- Measuring syndemic hazard exposure. Identifying and characterising exposure to syndemic hazards in Johannesburg and Cape Town, South Africa; Yaoundé, Cameroon; and Kingston, Jamaica.
- Assessing adaptability to syndemic hazards. Understanding the capacity of community, policy and commercial institutions to adapt to syndemic hazards in Cameroon, Kenya, Jamaica and South Africa.
- Evaluating diet and physical activity related responses to COVID-19. Evaluating the role of Covid-19-mitigation actions by policy and community actors in shaping the food and built environment in Africa and the Caribbean.
- Co-designing built and food environment interventions. Working in Yaoundé and Cape Town, we will design, implement and test interventions that promote healthy diets and physical activity, particularly with adolescents.
Contributions of non-academic stakeholders will guide activities throughout the research process including the co-design of syndemic interventions. This will help to identify the policy and community actions and characteristics that can support future interventions. The goal is to find solutions that are affordable and created in partnership with local communities.
Through a research focus on how physical, policy and social environments influence diet and physical activity, the Global Diet and Activity Research Network (GDAR) is working to prevent non-communicable diseases such as type 2 diabetes, heart disease, and cancers, in low- and middle-income countries. www.gdarnet.org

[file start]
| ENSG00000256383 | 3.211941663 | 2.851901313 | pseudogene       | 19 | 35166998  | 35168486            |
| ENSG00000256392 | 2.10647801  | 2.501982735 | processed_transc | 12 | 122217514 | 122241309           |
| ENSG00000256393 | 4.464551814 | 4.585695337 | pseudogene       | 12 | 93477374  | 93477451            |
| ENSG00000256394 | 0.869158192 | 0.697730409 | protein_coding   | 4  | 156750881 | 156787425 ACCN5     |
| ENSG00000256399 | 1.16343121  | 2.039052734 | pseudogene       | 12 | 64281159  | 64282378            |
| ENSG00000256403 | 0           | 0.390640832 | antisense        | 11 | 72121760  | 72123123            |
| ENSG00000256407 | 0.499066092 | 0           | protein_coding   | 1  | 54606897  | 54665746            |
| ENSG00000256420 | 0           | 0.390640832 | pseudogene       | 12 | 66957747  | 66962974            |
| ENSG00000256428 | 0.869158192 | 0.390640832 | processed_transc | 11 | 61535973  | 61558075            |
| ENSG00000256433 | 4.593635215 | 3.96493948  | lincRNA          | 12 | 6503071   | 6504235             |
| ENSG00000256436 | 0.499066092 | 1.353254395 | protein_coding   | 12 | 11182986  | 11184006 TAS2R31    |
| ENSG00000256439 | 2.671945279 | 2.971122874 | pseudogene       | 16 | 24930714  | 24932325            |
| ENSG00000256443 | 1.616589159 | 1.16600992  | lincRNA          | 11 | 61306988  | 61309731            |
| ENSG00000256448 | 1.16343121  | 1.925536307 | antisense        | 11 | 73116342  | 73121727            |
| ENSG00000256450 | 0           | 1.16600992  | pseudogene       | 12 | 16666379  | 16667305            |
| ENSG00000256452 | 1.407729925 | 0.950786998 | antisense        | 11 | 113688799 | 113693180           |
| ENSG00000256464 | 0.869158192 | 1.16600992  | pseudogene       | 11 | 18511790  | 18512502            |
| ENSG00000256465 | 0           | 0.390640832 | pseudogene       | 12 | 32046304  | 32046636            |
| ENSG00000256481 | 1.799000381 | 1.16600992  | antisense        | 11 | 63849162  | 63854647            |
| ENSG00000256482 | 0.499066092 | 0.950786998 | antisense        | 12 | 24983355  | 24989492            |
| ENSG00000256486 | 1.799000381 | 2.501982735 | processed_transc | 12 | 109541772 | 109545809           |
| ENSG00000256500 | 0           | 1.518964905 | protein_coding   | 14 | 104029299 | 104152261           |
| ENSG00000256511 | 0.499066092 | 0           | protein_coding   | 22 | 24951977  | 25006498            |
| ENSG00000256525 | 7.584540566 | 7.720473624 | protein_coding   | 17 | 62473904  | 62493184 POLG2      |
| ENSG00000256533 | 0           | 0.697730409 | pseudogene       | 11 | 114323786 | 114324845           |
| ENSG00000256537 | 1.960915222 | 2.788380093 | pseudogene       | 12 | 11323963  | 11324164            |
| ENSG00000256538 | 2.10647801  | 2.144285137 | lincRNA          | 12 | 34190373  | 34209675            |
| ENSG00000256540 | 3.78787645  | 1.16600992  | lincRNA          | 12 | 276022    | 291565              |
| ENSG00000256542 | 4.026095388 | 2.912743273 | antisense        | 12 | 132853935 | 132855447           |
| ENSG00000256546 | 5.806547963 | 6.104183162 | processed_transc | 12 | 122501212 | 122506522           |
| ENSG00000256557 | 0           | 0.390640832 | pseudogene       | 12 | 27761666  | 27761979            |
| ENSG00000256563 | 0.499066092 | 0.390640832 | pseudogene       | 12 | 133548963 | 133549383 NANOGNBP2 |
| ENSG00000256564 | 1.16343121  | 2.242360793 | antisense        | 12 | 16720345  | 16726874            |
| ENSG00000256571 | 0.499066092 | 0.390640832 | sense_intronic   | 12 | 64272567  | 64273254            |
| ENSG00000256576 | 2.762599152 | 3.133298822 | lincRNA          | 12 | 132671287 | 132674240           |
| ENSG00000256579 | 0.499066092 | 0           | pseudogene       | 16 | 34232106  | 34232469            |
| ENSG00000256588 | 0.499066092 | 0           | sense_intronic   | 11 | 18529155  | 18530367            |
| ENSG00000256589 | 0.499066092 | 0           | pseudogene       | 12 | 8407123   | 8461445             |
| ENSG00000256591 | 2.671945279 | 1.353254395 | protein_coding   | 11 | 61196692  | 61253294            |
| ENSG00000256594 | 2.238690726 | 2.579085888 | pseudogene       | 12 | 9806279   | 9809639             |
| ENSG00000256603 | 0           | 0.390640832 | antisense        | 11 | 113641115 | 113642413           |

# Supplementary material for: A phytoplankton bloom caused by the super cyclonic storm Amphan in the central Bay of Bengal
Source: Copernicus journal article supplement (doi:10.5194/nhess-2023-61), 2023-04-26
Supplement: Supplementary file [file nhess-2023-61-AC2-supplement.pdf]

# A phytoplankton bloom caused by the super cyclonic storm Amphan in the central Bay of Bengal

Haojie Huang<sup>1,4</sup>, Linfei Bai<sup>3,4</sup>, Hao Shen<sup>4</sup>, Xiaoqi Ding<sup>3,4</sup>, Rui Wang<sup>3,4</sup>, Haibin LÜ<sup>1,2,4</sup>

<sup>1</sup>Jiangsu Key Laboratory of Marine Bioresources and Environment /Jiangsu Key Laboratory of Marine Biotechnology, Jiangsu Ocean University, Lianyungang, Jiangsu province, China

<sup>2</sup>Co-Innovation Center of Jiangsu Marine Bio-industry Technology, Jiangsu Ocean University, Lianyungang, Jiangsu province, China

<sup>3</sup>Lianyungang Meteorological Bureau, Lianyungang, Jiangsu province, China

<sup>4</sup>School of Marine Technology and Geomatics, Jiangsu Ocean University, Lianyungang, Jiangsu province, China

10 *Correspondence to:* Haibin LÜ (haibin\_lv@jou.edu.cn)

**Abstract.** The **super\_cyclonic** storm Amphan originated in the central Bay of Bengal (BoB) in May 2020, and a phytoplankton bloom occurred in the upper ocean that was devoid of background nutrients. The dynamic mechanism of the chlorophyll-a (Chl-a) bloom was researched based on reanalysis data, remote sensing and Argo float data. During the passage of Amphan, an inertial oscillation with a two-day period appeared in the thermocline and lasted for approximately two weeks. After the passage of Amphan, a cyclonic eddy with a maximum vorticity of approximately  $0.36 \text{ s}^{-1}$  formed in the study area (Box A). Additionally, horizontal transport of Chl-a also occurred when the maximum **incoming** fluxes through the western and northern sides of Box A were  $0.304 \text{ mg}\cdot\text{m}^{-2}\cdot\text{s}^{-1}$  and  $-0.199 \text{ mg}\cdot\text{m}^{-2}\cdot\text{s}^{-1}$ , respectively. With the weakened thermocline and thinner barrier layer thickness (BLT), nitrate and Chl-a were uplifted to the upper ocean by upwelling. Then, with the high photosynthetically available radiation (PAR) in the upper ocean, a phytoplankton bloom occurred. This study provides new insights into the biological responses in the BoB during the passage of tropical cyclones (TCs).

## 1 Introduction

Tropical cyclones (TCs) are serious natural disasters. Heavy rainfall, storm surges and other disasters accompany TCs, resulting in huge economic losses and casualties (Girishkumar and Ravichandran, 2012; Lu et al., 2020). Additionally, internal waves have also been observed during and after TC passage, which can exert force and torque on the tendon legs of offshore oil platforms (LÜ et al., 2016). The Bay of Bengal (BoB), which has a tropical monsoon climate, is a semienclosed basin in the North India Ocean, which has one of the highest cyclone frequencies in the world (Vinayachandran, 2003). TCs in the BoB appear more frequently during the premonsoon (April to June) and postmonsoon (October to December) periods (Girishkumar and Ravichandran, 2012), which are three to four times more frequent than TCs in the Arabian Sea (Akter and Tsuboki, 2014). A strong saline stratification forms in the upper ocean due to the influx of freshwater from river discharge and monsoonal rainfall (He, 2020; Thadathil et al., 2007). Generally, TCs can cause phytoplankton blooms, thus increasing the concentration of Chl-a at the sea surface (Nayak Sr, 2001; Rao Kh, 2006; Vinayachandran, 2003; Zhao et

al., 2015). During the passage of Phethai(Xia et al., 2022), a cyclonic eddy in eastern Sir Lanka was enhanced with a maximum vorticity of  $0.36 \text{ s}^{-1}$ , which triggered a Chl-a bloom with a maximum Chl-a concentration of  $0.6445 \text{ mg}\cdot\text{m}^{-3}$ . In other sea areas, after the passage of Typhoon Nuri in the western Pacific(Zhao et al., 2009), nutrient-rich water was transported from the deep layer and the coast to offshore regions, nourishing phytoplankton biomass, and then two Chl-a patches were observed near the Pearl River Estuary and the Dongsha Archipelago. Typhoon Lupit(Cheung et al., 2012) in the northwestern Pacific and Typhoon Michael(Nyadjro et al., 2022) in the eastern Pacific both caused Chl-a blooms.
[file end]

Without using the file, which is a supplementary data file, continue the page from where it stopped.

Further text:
GDAR is funded through the NIHR Global Health Research initiative. The NIHR Global Health Research initiative builds on existing expertise within the UK and the wider global health research community to commission and support internationally outstanding applied health research which addresses issues affecting the poorest and most vulnerable people in low- and middle-income countries using Official Development Assistance (ODA) funding.
The GDAR Network is a collaboration of researchers from universities and agencies in seven countries on three continents:
- Universidade Federal de Minas Gerais, Belo Horizonte, Brazil
- Health of Populations in Transition Research Group (HoPiT), University of Yaoundé 1, Cameroon
- Caribbean Institute for Health Research (CAIHR), University of the West Indies (UWI), Jamaica
- Centre for Global Health Research, Kenya Medical Research Institute (KEMRI), Kenya
- Kisii University, Kenya
- UN-Habitat Secretariat, Nairobi, Kenya
- Centre for Housing and Sustainable Development, University of Lagos, Nigeria
- School of Public Health and Family Medicine, University of Cape Town (UCT), South Africa
- SAMRC / Wits Developmental Pathways for Health Research Unit (DPHRU), University of the Witwatersrand (Wits), South Africa
- SAMRC Wits Centre for Health Economics and Decision Science – PRICELESS SA, Wits School of Public Health, University of Witwatersrand, South Africa
- Global Diet and Physical Activity Research Group, MRC Epidemiology Unit, University of Cambridge, UK